George Saunders Discusses His Writing

Teju Cole’s Dictionary of Received Ideas

Yesterday on Twitter, Teju Cole shared a series of definitions—some ironic, some hilarious funny, all perceptive.

The series of definitions immediately reminded me of Ambrose Bierce’s sardonic work The Devil’s Dictionary, but Cole later tweeted that he had Gustave Flaubert’s Le Dictionnaire des Idées Reçues (The Dictionary of Received Ideas) in mind as a model.

Cole reiterated Flaubert’s influence again when he published the tweets today at The New Yorker under the title “In Place of Thought“—a little sample:

AMERICAN. With the prefix “all,” a blonde.

CHILDREN. The only justification for policy. Always say “our children.” The childless have no interest in improving society.

HILARIOUS. Never simply say “funny.”

HIP HOP. Old-school hip hop, i.e., whatever was popular when you were nineteen, is great. Everything since then is intolerable.

HIPSTER. One who has an irrational hatred of hipsters.

INTERNET. A waste of time. Have a long online argument with anyone who disagrees.

JAZZ. America’s classical music. The last album was released in 1965.

LITERALLY. Swear you’d rather die than use “literally” as an intensifier.

POET. Always preceded by “published.” Function unknown.

Bonus—from Flaubert’s Dictionnaire:

BLACK – Always preceded by “pitch”.

CHILDREN – Affect a lyric tenderness towards  them, when people are about.

INTRODUCTION — Obscene word.

LITERATURE — Idle pastime.

METAPHORS — Always too many in poems. Always too many in anybody’s writing.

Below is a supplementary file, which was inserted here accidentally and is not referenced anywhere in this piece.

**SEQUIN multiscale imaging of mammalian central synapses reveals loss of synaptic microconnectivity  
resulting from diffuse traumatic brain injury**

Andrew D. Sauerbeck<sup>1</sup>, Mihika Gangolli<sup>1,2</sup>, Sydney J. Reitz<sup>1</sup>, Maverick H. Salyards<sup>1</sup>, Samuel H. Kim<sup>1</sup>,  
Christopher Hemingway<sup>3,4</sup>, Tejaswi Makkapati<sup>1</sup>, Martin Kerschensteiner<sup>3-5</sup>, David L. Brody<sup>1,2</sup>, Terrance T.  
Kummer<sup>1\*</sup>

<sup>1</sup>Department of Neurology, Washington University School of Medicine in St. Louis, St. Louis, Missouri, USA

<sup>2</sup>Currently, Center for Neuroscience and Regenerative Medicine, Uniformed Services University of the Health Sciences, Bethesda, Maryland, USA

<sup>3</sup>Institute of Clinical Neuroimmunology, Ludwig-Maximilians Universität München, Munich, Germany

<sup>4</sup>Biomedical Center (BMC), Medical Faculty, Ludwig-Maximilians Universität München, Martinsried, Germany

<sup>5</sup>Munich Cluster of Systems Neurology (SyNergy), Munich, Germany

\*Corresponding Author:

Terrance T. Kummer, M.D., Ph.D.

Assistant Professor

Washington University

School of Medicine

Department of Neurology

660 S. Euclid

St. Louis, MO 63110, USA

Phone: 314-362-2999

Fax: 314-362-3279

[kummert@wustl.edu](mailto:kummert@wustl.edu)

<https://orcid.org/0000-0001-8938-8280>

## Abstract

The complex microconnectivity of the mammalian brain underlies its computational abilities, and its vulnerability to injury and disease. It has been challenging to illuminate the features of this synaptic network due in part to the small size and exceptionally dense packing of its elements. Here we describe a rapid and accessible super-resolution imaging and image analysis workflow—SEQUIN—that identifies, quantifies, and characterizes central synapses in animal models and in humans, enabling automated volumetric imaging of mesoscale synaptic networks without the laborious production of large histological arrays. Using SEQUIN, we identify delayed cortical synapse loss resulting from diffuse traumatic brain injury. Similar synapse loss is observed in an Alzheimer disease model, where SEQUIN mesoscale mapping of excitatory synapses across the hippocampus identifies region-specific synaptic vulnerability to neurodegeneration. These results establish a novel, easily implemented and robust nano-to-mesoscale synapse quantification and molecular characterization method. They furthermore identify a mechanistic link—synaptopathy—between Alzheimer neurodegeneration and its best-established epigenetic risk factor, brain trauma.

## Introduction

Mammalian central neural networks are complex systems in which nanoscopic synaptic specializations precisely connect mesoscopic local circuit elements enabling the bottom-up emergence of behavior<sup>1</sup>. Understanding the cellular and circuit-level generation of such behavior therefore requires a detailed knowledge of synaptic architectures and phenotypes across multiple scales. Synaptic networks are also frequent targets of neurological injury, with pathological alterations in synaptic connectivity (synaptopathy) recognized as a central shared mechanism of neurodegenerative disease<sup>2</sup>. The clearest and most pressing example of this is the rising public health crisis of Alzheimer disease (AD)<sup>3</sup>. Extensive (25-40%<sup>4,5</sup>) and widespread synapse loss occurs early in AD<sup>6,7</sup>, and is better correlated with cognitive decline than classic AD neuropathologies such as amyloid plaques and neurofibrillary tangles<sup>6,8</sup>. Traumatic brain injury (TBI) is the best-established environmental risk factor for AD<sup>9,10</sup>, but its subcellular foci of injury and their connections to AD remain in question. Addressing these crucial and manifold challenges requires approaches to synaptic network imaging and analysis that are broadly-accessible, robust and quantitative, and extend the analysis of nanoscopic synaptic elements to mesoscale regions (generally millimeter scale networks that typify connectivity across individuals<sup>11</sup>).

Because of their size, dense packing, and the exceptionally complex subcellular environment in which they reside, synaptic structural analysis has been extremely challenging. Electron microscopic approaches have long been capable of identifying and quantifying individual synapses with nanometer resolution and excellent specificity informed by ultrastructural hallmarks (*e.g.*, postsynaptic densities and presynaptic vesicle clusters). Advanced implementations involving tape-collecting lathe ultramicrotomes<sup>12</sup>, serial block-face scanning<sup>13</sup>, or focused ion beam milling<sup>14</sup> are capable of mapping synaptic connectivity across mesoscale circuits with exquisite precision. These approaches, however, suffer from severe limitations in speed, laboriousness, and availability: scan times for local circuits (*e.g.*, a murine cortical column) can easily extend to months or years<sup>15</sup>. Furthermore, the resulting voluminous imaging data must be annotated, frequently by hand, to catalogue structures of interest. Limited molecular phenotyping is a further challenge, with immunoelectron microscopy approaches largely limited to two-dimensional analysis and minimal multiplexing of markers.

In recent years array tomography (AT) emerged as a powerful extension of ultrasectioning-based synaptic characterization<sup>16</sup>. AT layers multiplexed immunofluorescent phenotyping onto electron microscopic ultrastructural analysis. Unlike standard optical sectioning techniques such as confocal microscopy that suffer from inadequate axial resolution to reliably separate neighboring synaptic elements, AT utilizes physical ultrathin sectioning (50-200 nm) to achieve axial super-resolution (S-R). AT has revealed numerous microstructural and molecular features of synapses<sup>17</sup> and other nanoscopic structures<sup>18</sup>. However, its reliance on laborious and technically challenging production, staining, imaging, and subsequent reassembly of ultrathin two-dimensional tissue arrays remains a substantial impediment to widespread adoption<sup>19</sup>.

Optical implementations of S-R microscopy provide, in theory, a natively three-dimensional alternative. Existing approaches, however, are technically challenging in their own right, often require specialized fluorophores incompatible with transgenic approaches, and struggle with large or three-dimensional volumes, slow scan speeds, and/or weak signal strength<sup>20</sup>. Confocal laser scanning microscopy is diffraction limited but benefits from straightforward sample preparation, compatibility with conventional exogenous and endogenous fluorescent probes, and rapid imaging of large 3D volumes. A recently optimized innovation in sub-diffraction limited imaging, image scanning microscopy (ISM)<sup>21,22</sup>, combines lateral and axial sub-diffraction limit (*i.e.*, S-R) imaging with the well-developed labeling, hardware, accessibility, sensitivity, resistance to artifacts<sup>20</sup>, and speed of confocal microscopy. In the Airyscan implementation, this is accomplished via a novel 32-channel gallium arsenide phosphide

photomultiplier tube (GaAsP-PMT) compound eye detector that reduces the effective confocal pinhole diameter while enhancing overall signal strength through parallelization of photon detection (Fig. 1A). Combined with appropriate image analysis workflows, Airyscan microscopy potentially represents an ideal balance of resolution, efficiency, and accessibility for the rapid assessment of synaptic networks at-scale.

OPTIMIST — Synonym for imbecile.

POETRY — Entirely useless; out of date.

THINK (TO) — Painful. Things that compel us to think are generally neglected.

“Mothers” — William Gaddis

“Mothers” by William Gaddis

When Ralph Waldo Emerson informed—or rather, perhaps, warned us—that we are what our mothers made us, we might dismiss it as received opinion and let it go at that, like the broken clock which is right twice a day, like the self-evident answer contained in Freud’s oft-quoted query “What do women want?” when, as nature’s handmaid, she must want what nature wants which is, quite simply, More. But which woman? Whose mother, Emerson’s? A woman so in thrall to religion that we confront another dead end; or Freud’s? or even one’s own, even mine, offering an opportune bit of wisdom to those of us engaged in the creative arts, where paranoia is almost an occupational hazard: “Bill, just try to remember,” she said, “there is much more stupidity than there is malice in the world,” an observation lavish with possibilities recalling Anatole France finding the fool more dangerous than the rogue because “the rogue does at least take a rest sometimes, the fool never.”